The 41-year-old Chaffetz is an all-but-certain winner in November, having knocked off Rep. Chris Cannon in the June 24 Republican primary in one of the most conservative and Republican districts in the country. Ideologically, Cannon seemed to fit the district perfectly, except for one thing: his position on immigration. Cannon was among the relatively few conservatives who supported President Bush’s plan for a guest-worker program for illegal immigrants, a position Cannon called compassionate but one that opponents saw as amnesty. In 2004 and 2006, GOP challengers gave Cannon a tough renomination fight.
Chaffetz is the former chief of staff to Gov. Jon Huntsman (and he still holds school records from his days as the placekicker for Brigham Young University’s football team in the late 1980s). Chaffetz jumped into this year’s race calling for the deportation of all illegal immigrants. He also wants to abolish the Department of Education. The first-time candidate surprised both David Leavitt, thought to be the favorite for the nomination, as well as Cannon himself at the state convention in May. Chaffetz received 59 percent of the delegates for the party endorsement; had he gotten just nine more delegates, the race would have been over. The battle thus continued into the primary, where the well-funded Cannon had the endorsement of Bush, both of Utah’s GOP senators, and all of the local newspapers. But Chaffetz had the voters; he defeated Cannon with 60 percent of the vote, and he is a clear favorite to defeat the Democratic nominee, former TV reporter Bennion Spencer, in the general.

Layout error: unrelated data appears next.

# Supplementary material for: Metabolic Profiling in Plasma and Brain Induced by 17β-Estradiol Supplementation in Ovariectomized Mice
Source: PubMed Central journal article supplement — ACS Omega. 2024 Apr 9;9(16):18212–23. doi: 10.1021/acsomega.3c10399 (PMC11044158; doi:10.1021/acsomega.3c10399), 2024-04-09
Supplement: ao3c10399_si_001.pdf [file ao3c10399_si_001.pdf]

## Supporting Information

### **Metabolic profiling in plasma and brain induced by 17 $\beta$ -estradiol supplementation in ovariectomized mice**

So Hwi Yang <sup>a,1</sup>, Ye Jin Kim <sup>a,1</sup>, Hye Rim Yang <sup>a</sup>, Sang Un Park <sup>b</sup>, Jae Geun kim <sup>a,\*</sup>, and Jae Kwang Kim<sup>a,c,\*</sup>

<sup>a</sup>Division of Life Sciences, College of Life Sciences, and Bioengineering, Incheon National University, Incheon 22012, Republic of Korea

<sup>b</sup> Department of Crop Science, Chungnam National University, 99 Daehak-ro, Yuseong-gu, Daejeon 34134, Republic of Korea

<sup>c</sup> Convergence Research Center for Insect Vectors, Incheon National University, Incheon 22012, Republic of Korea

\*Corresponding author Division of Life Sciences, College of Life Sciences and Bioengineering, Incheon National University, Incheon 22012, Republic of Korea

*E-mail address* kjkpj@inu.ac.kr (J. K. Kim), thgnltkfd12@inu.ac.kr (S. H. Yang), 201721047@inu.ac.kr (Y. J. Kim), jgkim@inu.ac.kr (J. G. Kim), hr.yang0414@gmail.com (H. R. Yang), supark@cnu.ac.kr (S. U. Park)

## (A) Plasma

This was a high point for me personally this summer, and Jason Chaffetz’ campaign was what inspired me to start this blog. The GOP and America need more Members of Congress who are, like Jason Chaffetz, committed to primcipled conservatism and limited government.
You can donate to Jason Chaffetz’ campaign here.